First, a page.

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The Polish Violin - Volume 2 Karol SZYMANOWSKI (1882-1937)
Violin Sonata in D minor Op. 9 (1904) [23:47] La Berceuse d´Aitacho Enia: Lullaby Op.52 (1925) [45:34]
Three Caprices by Paganini Op.40 (1918); No.20 [3:40]; No.21 [3:08]; No.24 [9:38] POLDOWSKI (1879-1932)
Violin Sonata (c.1912) [23:45]
Tango (1923) [3:07] Grażyna BACEWICZ (1909-1969) Polish Caprice (1949) [2:47]
Jennifer Pike (violin)
Petr Limonov (piano)
rec. March 2021, Potton Hall, Dunwich, UK CHANDOS CHAN20189 [75:29]
The first volume in this series (review) included music by Szymanowski, Karłowicz, Moszkowski and Wieniawski and was largely focused on mid-sized elements from the Polish violin repertory. The main work there was Szymanowski’s Mythes, so if you want to get to grips with the Pike-Limonov take on the composer you’ll find it is split between these volumes.
This is certainly one way to deal with the dilemma of avoiding an all-Szymanowski disc. Mythes and the Nocturne and Tarantella are certainly his greatest works for the medium, but this latest disc includes the Sonata and adds works by Poldowski and a small piece by Bacewicz to widen the national scope. Pike and Limonov take a relatively expansive view of Szymanowski’s Sonata, savouring its opportunities to contrast its agitato and patetico elements, and employing relatively elastic phraseology, not least in the dolcissimo part of the first movement. Their expression in the slow movement is precisely calibrated, their ensemble now well established, and they are resolute and rhythmically vital in the finale. The subtly bowed La Berceuse d´Aitacho Enia is spun out to its limit. The three Paganini Caprice transcriptions are dextrously dispatched. Pike has a tremendously fluent technique but also has an ability to characterise that’s most attractive, something that’s obviously necessary in No.24.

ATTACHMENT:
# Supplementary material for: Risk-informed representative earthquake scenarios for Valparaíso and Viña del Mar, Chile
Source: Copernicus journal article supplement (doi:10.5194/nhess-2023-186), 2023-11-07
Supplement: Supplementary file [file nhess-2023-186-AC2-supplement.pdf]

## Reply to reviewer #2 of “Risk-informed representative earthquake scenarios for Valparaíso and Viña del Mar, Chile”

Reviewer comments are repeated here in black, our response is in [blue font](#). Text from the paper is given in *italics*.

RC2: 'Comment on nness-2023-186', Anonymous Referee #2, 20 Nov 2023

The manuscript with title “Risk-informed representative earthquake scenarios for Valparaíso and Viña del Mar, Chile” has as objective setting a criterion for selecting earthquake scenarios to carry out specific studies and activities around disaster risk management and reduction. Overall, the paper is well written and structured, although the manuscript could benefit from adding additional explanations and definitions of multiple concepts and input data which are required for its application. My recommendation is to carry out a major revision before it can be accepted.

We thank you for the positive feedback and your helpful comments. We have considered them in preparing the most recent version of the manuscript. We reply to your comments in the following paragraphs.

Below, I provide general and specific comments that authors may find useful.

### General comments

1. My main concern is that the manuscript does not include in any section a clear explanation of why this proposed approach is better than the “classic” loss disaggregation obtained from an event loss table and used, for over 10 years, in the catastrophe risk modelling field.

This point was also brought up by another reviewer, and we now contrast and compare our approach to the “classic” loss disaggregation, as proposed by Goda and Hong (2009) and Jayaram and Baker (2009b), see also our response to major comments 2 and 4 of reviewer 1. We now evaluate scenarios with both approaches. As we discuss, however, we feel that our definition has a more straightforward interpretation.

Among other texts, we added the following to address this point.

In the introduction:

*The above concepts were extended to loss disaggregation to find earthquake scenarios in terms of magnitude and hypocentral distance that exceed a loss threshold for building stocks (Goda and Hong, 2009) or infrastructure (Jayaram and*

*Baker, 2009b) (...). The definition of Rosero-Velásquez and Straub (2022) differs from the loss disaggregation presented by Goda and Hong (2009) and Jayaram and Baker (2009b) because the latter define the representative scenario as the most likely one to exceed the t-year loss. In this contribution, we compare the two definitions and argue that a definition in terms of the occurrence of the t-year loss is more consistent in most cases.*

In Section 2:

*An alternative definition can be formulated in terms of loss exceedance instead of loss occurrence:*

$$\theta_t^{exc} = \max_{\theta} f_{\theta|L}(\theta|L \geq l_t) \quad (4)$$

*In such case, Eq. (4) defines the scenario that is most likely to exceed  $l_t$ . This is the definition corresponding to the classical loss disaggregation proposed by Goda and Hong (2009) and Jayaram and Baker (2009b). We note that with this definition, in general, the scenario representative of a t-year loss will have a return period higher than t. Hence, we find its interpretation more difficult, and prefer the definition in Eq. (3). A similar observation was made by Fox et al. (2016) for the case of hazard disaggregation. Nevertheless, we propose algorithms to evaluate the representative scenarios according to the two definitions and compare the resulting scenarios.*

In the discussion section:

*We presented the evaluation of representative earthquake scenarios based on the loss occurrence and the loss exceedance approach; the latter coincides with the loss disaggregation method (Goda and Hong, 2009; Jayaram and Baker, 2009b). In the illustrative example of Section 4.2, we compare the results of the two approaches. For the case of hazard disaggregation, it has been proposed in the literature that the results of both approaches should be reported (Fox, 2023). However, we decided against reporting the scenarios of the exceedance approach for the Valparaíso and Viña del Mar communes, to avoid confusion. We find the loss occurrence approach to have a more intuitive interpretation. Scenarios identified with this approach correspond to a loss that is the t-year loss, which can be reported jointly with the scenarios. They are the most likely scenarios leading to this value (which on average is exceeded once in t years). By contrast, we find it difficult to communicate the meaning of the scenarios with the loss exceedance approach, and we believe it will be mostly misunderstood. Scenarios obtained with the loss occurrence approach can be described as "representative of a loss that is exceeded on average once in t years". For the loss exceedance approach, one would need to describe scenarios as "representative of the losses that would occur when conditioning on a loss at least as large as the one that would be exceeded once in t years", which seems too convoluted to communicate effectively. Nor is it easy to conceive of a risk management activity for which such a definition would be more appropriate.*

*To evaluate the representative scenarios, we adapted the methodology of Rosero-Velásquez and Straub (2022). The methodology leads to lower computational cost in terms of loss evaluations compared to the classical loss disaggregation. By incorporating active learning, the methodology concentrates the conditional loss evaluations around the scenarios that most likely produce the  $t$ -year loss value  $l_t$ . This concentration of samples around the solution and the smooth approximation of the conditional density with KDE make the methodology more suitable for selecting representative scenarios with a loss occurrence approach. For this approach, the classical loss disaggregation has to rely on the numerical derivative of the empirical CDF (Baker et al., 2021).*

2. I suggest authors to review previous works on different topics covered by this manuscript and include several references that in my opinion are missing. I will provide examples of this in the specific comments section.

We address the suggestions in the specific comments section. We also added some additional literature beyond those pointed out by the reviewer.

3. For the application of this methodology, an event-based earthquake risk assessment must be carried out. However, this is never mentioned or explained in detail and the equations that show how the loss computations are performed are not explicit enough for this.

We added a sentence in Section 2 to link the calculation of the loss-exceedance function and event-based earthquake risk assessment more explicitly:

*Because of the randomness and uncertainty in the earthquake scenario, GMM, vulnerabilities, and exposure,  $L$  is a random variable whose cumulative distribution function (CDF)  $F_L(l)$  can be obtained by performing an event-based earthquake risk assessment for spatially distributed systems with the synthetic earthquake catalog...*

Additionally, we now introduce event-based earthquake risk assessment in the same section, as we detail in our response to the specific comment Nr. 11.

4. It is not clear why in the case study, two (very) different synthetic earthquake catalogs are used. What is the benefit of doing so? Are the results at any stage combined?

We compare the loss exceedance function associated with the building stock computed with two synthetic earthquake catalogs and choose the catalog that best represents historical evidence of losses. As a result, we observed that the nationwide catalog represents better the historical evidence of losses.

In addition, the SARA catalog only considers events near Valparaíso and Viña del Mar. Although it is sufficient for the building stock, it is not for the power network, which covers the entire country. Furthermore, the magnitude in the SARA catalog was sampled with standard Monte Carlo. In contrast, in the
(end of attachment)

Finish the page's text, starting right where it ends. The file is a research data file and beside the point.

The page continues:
If you want all-Szymanowski recordings there’s a fair choice. Joanna Mądroszkiewicz and Paul Gulda are on MDG (review) but a preferable disc is on Hyperion, played by Alina Ibragimova and Cédric Tiberghien (review). Both are significantly faster in the Sonata than Pike and Limonov. Canny programming means that you may not need to decide in this way given the approach taken by Chandos.
Poldowski was the name taken by Irène Régine Wieniawska, daughter of the virtuoso violinist and composer Henryk Wieniawski. On marriage she was also known as Lady Irène Dean Paul. Her sonata has been revived on disc in recent years, notably by Clare Howick and Sophia Rahman on Naxos (review) and Merel Vercammen and Dina Ivanova on the Gutman label (review). Needless to say, both pairings are faster than the more leisurely Pike-Limonov team, if tempi are the thing for you. One thing I would say is that a rather faster tempo does tend to mitigate some of Poldowski’s more prosaic passagework. Nevertheless, the Chandos duo highlights the languorous late Romanticism of the writing and Pike is a particularly lyrical player of the sonata, sliding into its more Maestoso passages with vigour. It’s quite hard to negotiate the mood and tempo changes of the slow movement and her solution is not to press too hard, allowing transitions to glide rather than force the issue. The finale is quite nakedly Franckian thematically and here the Pike-Limonov approach – which I’d call engaged but watchful – bears fruit. Poldowski’s little Tango is a nice find and was dedicated to one of the heroes of the Polish violin school, Pavel Kochański. The final piece to consider is Bacewicz’s equally small-scale Polish Caprice, composed in 1949 for solo violin. With its slow introduction and sprightly but technically demanding second section it conforms to well-known practice.
There are fine notes to the disc and an excellent Potton Hall recording, expertly judged as to balance and acoustic. There’s plenty more Polish material available of course, should this series continue, and if so, it will be interesting to see how it’s programmed and if she challenges the recordings of that outstanding exponent of the current Polish school, Piotr Pławner.